Let’s go through the major styles of children’s book illustrations.

To keep things simple, I’ll divide style into two parts:

  1. The genre or drawing style of the illustrations
  2. The medium used to create the illustrations

It’s also important to understand I’ll be sharing one or a few examples of each, but in each case there are many more variations that will give you a different feel and look. I can’t share all the possibilities in one article, so I’ve chosen only a few. If you want to see more of a certain drawing style or medium, Google is your friend 🙂

#1 Genre or drawing style

For children’s books, drawing styles include the following:

  • Cartoon–cute or childlike
  • Cartoon–whacky or funny
  • Realistic
  • Whimsical
  • Line drawings
  • Sketchy drawings
  • Stylized

Looking at the examples below, you ‘ll see styles overlap. All the styles from number 4 to 7 are also either cartoon or realistic. Whimsical drawings can also be stylized, and so on.

Cartoon—cute or childlike

Cartoon style drawings have exaggerated features and are not true to life. The style can vary and some of the other drawing style categories listed above are subdivisions of “cartoon”. I divided cartoons into two main styles, the first being cute or childlike. This is the style you see for many children’s books, especially younger kids.


Cute cartoon illustration sample 1Cute Cartoon illustration sample 2Cute cartoon illustration sample 3
Copyright: Marti Whiting-Pearson                  Copyright: Mo Willems                             Illustration Copyright: LeUyen Pham          

Cute cartoon illustration sample 4
Copyright: Total Language Connections

Cartoon—whacky or funny

Because of the exaggeration in the drawings, cartoon lends itself perfectly to funny or whacky illustrations.


Cartoon wacky illustration sampleCartoon wacky illustration sample 2Cartoon funny illustration
Copyright: Dr. Seuss Enterprises      Illustration Copyright: Lee Wildish                   Copyright: Tedd Arnold
From Spaghetti with the Yeti


Children’s books are almost never hyper-realistic. “Realistic” here refers to fairly true to life proportions, versus cartoon style that is not true to life. In children’s books realistic illustrations can be simplistic, or detailed.


Realistic illustration sample 1Realistic illustration sample 2Realistic illustration sample 3Illustration Copyright: MacMillan Education SA                   Illustrations Copyright:                Illustration Copyright: Erin E. Stead Illustration by GetYourBookIllustrations                               Sal Murdocca                                From A Sick Day for Amos McGee


Whimsical illustrations are charming, childlike, carefree, dreamy, fun and colorful.


Whimsical illustration sample 1Whimsical illustration sample 2Whimsical illustration sample 3
Illustration Copyright: Valeria Docampo              Copyright: Emily Winfield Martin                                Illustration Copyright: Seng Soun                                                                                                                                                                                                Ratanavanh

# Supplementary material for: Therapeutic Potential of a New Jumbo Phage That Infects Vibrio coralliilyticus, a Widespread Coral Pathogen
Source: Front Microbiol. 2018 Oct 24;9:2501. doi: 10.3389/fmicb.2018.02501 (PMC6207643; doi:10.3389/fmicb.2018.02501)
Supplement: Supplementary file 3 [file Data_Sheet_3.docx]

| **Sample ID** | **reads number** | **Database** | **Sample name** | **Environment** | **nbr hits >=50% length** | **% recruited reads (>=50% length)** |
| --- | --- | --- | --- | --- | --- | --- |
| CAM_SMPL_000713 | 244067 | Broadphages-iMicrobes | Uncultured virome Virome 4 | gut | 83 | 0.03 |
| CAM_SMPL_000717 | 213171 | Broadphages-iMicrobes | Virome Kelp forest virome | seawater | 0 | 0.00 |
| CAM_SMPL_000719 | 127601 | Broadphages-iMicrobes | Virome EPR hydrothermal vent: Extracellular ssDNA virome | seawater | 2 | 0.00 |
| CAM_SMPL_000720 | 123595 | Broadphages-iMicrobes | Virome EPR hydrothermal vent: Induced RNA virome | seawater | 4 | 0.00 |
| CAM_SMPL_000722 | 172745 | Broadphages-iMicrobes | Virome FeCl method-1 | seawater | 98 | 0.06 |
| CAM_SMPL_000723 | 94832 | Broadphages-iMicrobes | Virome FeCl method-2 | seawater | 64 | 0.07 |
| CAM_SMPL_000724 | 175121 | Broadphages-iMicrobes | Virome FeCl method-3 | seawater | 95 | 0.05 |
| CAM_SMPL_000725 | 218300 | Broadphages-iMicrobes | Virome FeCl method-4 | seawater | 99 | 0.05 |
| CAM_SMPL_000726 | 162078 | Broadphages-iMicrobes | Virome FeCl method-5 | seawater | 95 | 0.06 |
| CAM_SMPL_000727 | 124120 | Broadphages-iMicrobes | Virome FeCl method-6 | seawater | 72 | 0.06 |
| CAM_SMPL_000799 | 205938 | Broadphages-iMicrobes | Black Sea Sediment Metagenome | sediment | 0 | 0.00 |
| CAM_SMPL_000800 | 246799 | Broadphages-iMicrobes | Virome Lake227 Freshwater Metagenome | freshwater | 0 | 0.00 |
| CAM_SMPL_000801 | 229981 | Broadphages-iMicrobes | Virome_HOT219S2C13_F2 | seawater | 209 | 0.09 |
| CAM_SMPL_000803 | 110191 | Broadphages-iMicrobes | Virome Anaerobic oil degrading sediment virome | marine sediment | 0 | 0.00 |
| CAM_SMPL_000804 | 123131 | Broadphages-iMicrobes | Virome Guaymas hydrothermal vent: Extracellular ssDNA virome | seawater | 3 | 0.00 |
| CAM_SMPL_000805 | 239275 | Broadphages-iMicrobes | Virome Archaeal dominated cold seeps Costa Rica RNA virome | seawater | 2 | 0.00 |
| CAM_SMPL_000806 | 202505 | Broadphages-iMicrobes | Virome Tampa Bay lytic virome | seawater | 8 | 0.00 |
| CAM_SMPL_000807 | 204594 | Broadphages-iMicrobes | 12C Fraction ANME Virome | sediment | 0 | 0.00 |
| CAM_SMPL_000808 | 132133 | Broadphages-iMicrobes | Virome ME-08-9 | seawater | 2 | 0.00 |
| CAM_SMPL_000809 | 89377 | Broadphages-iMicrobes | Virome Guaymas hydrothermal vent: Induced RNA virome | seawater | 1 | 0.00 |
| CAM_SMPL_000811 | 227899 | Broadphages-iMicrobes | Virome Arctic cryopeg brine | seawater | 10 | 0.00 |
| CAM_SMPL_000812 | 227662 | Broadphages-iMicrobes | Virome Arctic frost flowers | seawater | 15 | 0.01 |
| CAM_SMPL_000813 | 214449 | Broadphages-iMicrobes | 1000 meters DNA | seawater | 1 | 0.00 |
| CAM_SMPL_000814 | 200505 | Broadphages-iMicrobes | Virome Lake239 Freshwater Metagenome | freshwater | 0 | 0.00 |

Whimsical illustration sample 4Whimsical illustration sample 5
Illustration by GetYourBookIllustrations                    Illustration by GetYourBookIllustrations

Line drawings

Line drawings are outline drawings that aren’t colored and have no gradation (no different colors or grey-scale). It’s (normally) drawn in one color and only uses lines.

These can also be used for coloring books.


Line drawing sample 1Line drawing sample 2Line drawing sample 3
Copyright Evil Eye, LLC                                       Copyright Marti Whiting-Pearson                           Illustration copyright: Denise Brunkus                                                                                             Illustration by GetYourBookIllustrations              From Junie B Jones and the Stupid Smelly                                                                                                                                                                             Bus

Sketchy drawings

Sketchy drawings are drawings that are unrefined and still look more like rough sketches than final illustrations. They can vary in their refinement and be rough, or hardly rough at all. Often they don’t have color. Sketchy drawings are often expressive, which can be a nice touch.


Sketchy drawing sample 1Sketchy drawing sample 2Sketchy drawing sample 3
Copyright: Amber Layne Nieves                                 Copyright Disney                          Illustration Copyright Quentin Blake
                                                                                            From Winnie the Pooh                From Matida at 30


Stylized illustrations are not realistic and don’t have natural, conventional forms. They are often simplified, or made up of geometric shapes or patterns. They also often have flat colors.


Stylized illustration sample 1Stylized illustration sample 2Stylized illustration sample 3
Illustration Copyright: Amélie Falière      Copyright: Jon Klassen                                 Illustration by GetYourBookIllustrations

#2 Medium

Though they’re not the same thing, style and medium are often used interchangeably or overlap. This is understandable, since the medium influences the appearance.

For instance, watercolor is seen as a style. Though, in the stricter sense of the word, it is a medium. While it has a distinct quality, you can create different styles of illustrations with watercolor. Here are four watercolor birds to show what I mean:

watercolor birds

The following media are used for children’s books:

  • Watercolor
  • Acrylic
  • Gouache
  • Pencil
  • Charcoal
  • Ink or pen
  • Wood cutting (not common anymore)
  • Metal etchings (not common anymore)
  • Lithography
  • Collage
  • Multimedia

Then, these last two are a slightly different category, but we can divide digital illustrations as follows: